Tangled

Tangled

Tangled posterWhen Walt Disney and his animators created Snow White and the Seven Dwarfs in 1937, it was labelled “Walt’s Folly”. The idea that audiences would want to watch an entire feature length animated film was preposterous to pundits, yet its instant success led to the foundation of Walt Disney Studios and an empire that spans the cinema, television, theme parks and franchises worth billions of dollars. Over the past seven decades, the studios have produced some of the finest examples of animation in world, reaching dizzying heights in the early 1990s with a string of hits including The Little Mermaid, Aladdin, Beauty and the Beast and of course, The Lion King. Now, over four decades since Walt shuffled off the mortal coil, Disney reaches its 50th animated feature with Tangled, a reworking of the Rapzunel tale.

When a single drop of sunlight hits the Earth, it creates a flower with magical powers. The elderly witch Gothel (Donna Murphy, Star Trek: Insurrection) witnesses this, and keeps the flower to herself to achieve a youthful immortality. However, when the Queen falls ill while pregnant, the kingdom searches for the flower to save her life. Despite Gothel’s best attempts to hide it, the flower is discovered and administered to the ailing monarch. However, the Queen’s newborn girl, Rapuzunel, is imbued with the power of the flower in her golden hair, and Gothel whisks her away so as to not lose her fountain of youth again. Keeping her in isolation and afraid of the outside world, with her hair growing to impossible lengths, Rapunzel (Mandy Moore, A Walk to Remember) yearns to see the outside world. She gets her chance when a dashing thief, Flynn Rider (Zachary Levi, TV’s Chuck) chances upon her tower and guides her through the kingdom. However, as Rapunzel experiences the wider world for the first time, Gothel is not willing to let her prize go.

After departing from the traditional animated musical after 2004’s disappointing Home on the Range, a string of non-musical computer generated films (Chicken Little, Meet the Robinsons, Bolt) followed. Easing their way back into the princess genre with the sublime The Princess and the Frog, Tangled is a conscious attempt at bringing the romantic musical comedy back in full force for a broad audience. In this quest, it succeeds on almost every level. On the surface, Disney seems to be answering the Dreamworks style of animated comedy, most notably the Shrek series, in which anachronistic objects are used in place of the more refined comedy routines of traditional animated features. Dan Fogelman’s (Bolt) screenplay and Alan Menken/Glenn Slater’s musical numbers are a joyful mix of all of those things that made Disney of old ‘classic’, along with some unique twists to update the formula for modern audiences. Indeed, the animation itself  – computer generated imagery based on oil painting on canvas – epitomises this attitude.

Despite a difficult journey to the cinema, including a title change from Rapunzel to Tangled (and Byron Howard and Nathan Greno replacing animator Glen Keane due to health reasons), the film feels simultaneously fresh and familiar. Disney has constructed a physical world that could have just as readily served as a backdrop to classics such as Sleeping Beauty, but populated it with such a terrific cast of characters that could only belong in this truly tangled world. There is the classic Disney witch character, single-minded in her goal of immortal beauty, but peeling off sadism and one-liners at a rate of knots. Flynn Rider has more in common with a character from The Princess Bride than a Prince Charming, and there is a horse that has some of the best comedic moments in the film without uttering a single line of dialogue. The familiarity and old-fashioned shop-front may give older viewers clues to where this is all headed, but this simply makes the journey – filled with over-the-top action sequences, comedy and bright songs – all the easier to sit back and enjoy.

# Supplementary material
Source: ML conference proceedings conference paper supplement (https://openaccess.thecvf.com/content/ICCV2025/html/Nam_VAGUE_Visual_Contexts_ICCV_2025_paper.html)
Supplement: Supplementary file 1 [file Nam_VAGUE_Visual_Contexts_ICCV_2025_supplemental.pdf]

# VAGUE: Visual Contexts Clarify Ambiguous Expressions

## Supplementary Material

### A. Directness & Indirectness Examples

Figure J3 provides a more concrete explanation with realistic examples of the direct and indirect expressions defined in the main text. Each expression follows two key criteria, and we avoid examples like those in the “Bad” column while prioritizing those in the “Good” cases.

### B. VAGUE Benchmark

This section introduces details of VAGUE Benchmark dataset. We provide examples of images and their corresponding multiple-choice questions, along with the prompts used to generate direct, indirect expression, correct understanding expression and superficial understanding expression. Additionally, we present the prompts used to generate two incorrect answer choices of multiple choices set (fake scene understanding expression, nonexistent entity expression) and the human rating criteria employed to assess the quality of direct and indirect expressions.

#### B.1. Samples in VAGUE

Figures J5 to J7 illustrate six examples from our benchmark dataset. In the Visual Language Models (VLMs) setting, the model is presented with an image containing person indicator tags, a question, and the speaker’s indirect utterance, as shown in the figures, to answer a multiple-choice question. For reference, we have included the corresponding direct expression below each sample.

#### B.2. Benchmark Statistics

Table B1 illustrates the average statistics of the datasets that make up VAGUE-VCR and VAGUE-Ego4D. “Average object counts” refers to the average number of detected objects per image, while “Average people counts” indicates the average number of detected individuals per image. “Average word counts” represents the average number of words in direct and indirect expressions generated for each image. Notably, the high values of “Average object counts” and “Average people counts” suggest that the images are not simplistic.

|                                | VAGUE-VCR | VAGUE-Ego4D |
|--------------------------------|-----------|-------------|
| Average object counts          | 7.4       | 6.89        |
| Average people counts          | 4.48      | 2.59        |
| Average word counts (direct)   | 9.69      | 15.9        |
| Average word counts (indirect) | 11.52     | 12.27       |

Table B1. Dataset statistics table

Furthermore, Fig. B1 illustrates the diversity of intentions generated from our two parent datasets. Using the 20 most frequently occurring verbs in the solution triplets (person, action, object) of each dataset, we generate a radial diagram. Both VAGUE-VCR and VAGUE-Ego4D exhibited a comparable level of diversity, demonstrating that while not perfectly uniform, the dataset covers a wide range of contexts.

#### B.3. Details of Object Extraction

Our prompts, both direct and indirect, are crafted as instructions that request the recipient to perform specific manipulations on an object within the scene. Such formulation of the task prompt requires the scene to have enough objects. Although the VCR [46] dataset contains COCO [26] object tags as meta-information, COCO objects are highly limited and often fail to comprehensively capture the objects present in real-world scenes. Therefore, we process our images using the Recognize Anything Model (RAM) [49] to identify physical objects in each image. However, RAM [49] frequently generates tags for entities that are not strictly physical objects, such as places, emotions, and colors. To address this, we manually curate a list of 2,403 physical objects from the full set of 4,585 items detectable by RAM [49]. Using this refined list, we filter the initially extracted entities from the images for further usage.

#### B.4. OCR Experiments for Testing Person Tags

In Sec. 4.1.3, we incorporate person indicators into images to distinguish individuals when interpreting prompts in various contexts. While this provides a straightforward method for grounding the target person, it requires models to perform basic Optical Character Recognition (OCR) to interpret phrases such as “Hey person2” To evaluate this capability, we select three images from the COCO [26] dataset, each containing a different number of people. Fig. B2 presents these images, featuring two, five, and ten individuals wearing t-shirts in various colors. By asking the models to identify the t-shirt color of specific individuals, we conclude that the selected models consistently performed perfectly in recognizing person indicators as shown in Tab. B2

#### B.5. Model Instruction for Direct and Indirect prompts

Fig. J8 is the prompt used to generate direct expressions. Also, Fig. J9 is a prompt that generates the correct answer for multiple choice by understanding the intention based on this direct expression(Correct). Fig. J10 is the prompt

Tangled is truly a new Disney classic, and it wouldn’t be one without a great new set of musical numbers. The songs, while not as instantly memorable as some of the previous Disney Oscar-winners, still manage to push the story along in a fun fashion but are used sparingly. “Mother Knows Best”, the repeated refrain of the wicked Gothel, is one of the creepiest tracks Disney has created to date, and while “When Will My Life Begin” is no “Part of Your World” (the aspirational song from The Little Mermaid), it is soulfully sung by singer/actress Mandy Moore. Similarly, “I See the Light” recalls Menken’s own “A Whole New World” from Aladdin, and while never really exceeding it, provides a beautifully romantic moment in the film, surrounded by floating lights on a lake. The real highlight is a rousing  barroom song “I Have a Dream”, in which a group of tough warriors profess their dreams of everything from becoming a concert pianist to finding true love.

A family friendly film that doesn’t overly cater to kids or adults, Tangled has found the perfect balance between the two. An off-beat sense of humour, some terrific set-piece action sequences (not least of which is the water-based chase smack-bang in the centre of the film) and a cast of genuinely likeable characters, the beautiful animation instantly recalls the hand-painted beauty of old while using all the depth that new digital 3D has to offer. Tangled is not so much a return to form for Disney animation, as that honour still goes to The Princess and the Frog, but is rather a stake planted in the ground declaring that they are still the kings of the animated musical comedy, and anybody who wants to try and climb the tower is welcome to try.

Tangled is released by Walt Disney Studios Motion Pictures Australia on 6 January 2011.

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